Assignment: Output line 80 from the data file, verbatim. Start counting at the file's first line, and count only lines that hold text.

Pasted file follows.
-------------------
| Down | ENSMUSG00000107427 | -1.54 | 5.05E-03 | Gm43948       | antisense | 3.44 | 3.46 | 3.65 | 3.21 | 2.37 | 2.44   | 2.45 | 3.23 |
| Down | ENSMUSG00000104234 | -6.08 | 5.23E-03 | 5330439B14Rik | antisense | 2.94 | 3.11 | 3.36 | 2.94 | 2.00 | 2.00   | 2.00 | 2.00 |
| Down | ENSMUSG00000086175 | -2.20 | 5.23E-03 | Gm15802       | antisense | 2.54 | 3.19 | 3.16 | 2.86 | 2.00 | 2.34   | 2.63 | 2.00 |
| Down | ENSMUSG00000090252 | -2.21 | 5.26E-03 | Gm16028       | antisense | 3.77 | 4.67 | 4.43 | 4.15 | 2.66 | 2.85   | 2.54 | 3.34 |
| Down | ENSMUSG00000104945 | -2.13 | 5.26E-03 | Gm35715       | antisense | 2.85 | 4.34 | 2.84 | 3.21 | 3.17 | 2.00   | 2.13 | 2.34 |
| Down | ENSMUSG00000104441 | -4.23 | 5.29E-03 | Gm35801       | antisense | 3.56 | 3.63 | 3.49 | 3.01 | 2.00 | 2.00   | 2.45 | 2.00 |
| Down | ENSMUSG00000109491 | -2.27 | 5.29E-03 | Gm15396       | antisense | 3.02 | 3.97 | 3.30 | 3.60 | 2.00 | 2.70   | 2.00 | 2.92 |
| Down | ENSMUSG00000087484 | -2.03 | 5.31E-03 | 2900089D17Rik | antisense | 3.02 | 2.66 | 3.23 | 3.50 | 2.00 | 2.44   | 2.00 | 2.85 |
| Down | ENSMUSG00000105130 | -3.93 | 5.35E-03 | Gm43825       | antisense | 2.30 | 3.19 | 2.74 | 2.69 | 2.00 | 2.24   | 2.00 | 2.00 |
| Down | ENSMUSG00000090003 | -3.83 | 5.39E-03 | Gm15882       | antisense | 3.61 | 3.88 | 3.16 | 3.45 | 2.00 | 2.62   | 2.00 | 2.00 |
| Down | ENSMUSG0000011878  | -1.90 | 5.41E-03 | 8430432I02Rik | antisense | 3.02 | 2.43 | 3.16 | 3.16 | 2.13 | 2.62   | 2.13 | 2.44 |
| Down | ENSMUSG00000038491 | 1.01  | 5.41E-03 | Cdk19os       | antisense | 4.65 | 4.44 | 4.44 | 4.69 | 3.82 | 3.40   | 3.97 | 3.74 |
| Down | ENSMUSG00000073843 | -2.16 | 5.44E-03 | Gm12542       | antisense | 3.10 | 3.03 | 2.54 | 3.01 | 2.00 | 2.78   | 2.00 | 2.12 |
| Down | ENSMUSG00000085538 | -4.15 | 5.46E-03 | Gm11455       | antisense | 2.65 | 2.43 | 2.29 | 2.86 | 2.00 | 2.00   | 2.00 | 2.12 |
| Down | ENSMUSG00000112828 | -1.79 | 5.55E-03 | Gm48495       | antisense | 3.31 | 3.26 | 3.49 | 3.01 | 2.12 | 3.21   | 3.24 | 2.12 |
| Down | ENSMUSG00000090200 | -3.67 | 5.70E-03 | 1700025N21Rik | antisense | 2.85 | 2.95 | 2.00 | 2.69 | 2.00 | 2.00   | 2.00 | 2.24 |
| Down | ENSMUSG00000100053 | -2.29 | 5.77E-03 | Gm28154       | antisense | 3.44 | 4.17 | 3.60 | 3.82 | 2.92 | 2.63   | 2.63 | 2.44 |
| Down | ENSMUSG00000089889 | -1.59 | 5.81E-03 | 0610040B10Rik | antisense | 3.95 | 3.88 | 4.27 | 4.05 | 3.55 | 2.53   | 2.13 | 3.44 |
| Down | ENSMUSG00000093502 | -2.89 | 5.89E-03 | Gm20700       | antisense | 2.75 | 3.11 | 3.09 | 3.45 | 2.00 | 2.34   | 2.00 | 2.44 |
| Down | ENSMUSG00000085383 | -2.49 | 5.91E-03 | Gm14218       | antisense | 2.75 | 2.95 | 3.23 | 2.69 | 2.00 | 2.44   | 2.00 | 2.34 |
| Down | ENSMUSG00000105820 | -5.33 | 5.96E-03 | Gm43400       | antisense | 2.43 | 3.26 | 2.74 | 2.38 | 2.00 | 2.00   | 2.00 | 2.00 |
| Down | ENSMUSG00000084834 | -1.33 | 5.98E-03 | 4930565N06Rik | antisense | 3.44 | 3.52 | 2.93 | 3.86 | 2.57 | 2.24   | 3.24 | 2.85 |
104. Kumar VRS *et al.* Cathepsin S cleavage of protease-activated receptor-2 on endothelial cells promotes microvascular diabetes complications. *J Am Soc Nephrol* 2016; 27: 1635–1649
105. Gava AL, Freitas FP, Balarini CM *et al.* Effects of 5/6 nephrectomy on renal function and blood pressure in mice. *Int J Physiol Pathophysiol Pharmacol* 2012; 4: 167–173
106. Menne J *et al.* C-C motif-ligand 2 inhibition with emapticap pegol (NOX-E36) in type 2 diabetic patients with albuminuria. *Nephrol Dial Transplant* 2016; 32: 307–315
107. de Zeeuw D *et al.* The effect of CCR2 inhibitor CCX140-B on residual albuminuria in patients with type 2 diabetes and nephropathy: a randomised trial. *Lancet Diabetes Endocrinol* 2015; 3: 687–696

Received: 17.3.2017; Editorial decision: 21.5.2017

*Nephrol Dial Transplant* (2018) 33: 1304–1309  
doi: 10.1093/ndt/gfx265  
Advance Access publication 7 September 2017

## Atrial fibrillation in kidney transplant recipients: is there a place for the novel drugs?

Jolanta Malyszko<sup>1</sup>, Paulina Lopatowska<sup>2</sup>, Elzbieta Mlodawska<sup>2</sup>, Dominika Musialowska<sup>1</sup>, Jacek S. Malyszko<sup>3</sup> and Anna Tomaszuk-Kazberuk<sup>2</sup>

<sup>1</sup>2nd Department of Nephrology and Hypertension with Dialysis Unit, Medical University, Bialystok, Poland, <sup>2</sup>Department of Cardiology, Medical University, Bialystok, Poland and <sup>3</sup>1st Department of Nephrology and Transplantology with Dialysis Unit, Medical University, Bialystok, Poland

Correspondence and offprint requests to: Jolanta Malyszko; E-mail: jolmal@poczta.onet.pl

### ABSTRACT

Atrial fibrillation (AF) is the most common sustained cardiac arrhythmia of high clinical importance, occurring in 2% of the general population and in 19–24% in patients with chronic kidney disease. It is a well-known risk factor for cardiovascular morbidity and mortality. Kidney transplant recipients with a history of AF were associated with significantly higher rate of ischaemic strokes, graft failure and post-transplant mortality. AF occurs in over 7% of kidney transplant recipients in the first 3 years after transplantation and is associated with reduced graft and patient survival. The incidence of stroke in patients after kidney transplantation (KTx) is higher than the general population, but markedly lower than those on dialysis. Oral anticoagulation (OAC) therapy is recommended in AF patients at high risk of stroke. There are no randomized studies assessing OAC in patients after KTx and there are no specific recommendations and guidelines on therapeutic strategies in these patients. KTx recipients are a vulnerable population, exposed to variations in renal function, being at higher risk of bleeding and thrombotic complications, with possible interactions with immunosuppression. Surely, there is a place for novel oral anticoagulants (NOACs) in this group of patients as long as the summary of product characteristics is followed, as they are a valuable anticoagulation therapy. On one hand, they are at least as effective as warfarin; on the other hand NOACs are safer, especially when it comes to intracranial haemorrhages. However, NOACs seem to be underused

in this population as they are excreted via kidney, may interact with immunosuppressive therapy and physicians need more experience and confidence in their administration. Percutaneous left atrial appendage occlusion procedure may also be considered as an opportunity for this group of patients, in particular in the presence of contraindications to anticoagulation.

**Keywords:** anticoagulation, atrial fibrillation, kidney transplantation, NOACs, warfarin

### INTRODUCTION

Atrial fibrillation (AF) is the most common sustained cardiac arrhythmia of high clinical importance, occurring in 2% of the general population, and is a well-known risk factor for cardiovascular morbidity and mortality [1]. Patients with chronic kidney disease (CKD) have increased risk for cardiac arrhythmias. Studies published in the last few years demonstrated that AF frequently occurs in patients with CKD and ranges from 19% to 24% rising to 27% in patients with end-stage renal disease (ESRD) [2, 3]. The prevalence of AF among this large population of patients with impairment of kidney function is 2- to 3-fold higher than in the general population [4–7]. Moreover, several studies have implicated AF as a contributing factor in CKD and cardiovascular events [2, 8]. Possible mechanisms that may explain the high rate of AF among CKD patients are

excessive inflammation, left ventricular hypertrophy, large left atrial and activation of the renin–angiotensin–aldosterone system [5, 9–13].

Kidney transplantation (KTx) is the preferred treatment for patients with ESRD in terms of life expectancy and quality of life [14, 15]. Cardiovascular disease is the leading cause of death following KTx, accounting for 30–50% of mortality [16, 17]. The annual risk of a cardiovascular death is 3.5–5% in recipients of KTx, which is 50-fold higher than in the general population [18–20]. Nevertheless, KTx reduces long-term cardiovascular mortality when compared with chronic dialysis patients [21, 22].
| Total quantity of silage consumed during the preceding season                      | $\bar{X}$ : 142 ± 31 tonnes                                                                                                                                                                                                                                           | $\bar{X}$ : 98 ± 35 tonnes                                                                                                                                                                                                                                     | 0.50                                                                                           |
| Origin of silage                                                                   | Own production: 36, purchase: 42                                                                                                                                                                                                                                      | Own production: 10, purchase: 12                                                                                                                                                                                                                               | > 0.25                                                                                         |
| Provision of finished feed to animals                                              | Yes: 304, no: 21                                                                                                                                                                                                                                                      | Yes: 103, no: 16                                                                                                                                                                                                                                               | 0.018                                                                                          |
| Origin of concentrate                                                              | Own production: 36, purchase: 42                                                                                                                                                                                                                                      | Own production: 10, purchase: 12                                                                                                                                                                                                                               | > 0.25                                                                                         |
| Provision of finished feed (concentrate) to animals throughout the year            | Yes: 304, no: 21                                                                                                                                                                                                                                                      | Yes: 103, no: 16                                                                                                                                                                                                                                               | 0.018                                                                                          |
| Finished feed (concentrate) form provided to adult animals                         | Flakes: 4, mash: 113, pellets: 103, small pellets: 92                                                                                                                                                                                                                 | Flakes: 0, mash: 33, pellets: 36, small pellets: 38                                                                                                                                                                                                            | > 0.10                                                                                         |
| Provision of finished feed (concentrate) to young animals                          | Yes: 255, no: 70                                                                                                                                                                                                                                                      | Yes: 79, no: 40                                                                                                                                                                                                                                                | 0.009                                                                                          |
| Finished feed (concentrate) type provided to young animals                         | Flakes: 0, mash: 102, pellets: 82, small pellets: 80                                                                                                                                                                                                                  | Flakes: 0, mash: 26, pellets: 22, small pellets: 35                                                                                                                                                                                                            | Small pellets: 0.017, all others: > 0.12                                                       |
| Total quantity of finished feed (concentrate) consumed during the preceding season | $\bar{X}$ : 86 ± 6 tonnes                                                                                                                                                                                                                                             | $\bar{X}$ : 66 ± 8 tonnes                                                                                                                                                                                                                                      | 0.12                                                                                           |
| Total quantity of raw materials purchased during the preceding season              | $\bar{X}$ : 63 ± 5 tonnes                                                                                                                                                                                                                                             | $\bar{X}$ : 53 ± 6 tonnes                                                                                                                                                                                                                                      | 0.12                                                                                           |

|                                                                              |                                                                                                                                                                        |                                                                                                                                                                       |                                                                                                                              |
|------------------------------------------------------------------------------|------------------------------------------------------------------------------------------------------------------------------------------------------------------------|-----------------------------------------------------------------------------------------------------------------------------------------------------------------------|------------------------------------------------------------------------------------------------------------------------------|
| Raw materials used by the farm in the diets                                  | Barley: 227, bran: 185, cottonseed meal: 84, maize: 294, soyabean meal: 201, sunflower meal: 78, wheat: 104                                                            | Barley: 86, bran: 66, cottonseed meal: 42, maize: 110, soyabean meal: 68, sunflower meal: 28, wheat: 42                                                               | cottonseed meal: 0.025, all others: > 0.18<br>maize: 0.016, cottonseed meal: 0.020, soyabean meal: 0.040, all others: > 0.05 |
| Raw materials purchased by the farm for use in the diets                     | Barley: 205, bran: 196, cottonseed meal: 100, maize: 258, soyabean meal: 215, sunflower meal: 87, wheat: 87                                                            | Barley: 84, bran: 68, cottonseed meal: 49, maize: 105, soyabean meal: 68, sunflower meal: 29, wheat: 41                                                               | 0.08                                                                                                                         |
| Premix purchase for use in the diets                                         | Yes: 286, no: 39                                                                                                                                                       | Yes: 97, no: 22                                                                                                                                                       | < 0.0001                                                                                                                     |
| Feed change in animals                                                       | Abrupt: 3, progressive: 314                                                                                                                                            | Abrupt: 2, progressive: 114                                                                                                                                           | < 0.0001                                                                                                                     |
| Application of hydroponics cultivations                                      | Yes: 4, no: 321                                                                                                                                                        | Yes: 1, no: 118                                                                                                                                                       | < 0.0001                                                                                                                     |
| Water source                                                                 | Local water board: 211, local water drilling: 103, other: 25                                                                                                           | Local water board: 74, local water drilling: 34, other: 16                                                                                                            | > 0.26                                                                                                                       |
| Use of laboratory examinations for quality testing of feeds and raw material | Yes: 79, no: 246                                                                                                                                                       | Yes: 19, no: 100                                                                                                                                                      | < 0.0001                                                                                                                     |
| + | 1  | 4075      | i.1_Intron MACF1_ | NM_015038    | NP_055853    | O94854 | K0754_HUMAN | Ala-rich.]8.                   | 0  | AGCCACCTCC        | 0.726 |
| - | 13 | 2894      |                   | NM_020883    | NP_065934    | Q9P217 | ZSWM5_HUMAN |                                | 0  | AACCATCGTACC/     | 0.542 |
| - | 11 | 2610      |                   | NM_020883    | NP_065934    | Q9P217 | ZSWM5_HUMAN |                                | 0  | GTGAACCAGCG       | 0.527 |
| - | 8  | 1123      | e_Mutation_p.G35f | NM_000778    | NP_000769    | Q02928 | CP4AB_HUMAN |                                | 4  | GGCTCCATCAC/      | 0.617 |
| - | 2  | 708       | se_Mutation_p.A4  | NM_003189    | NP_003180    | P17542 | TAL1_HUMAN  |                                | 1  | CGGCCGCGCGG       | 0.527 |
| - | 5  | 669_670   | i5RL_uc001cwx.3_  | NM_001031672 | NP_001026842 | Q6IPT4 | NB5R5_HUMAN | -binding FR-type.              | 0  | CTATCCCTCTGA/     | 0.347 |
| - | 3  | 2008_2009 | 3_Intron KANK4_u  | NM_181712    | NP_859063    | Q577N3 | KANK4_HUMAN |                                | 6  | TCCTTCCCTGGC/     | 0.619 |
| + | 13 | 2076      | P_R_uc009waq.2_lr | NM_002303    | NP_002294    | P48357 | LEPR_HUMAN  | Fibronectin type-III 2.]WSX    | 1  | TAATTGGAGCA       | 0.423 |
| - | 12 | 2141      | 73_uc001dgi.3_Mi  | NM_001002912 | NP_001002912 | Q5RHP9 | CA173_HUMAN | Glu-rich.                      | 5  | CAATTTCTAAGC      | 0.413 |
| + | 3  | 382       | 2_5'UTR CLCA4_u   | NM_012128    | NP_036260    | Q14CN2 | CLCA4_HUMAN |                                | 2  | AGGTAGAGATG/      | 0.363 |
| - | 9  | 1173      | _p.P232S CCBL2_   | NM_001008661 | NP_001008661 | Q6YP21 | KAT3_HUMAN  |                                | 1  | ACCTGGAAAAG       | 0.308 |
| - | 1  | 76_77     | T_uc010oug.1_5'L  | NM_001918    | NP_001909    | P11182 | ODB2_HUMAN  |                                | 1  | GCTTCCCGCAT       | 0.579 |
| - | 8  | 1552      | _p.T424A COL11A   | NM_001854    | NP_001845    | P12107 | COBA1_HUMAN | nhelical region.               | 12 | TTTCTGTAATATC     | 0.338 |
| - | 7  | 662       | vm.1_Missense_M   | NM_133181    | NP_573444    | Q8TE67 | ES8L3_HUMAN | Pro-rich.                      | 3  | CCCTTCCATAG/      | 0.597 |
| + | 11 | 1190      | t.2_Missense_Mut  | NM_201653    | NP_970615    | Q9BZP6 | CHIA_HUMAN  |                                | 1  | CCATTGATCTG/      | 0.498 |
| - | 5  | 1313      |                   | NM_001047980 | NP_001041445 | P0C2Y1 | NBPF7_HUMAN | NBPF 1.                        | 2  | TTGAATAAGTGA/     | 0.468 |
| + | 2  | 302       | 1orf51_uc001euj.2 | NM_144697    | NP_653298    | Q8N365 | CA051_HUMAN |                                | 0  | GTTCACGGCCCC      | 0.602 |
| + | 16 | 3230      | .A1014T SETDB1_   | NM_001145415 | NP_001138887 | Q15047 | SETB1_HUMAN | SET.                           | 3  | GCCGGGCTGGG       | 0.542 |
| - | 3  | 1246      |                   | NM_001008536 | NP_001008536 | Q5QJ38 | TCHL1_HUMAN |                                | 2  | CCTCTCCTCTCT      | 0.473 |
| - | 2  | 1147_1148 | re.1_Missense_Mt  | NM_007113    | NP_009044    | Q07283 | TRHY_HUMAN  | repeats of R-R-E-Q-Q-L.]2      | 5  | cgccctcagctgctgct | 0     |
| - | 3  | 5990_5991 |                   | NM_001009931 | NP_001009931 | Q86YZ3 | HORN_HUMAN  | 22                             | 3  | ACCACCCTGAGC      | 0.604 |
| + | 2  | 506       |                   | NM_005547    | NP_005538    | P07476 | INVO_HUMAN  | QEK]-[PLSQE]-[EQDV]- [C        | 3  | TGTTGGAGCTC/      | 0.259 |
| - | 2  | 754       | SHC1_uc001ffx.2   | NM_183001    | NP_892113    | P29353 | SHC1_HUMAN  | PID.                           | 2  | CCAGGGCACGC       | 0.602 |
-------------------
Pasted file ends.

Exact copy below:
| - | 3  | 1246      |                   | NM_001008536 | NP_001008536 | Q5QJ38 | TCHL1_HUMAN |                                | 2  | CCTCTCCTCTCT      | 0.473 |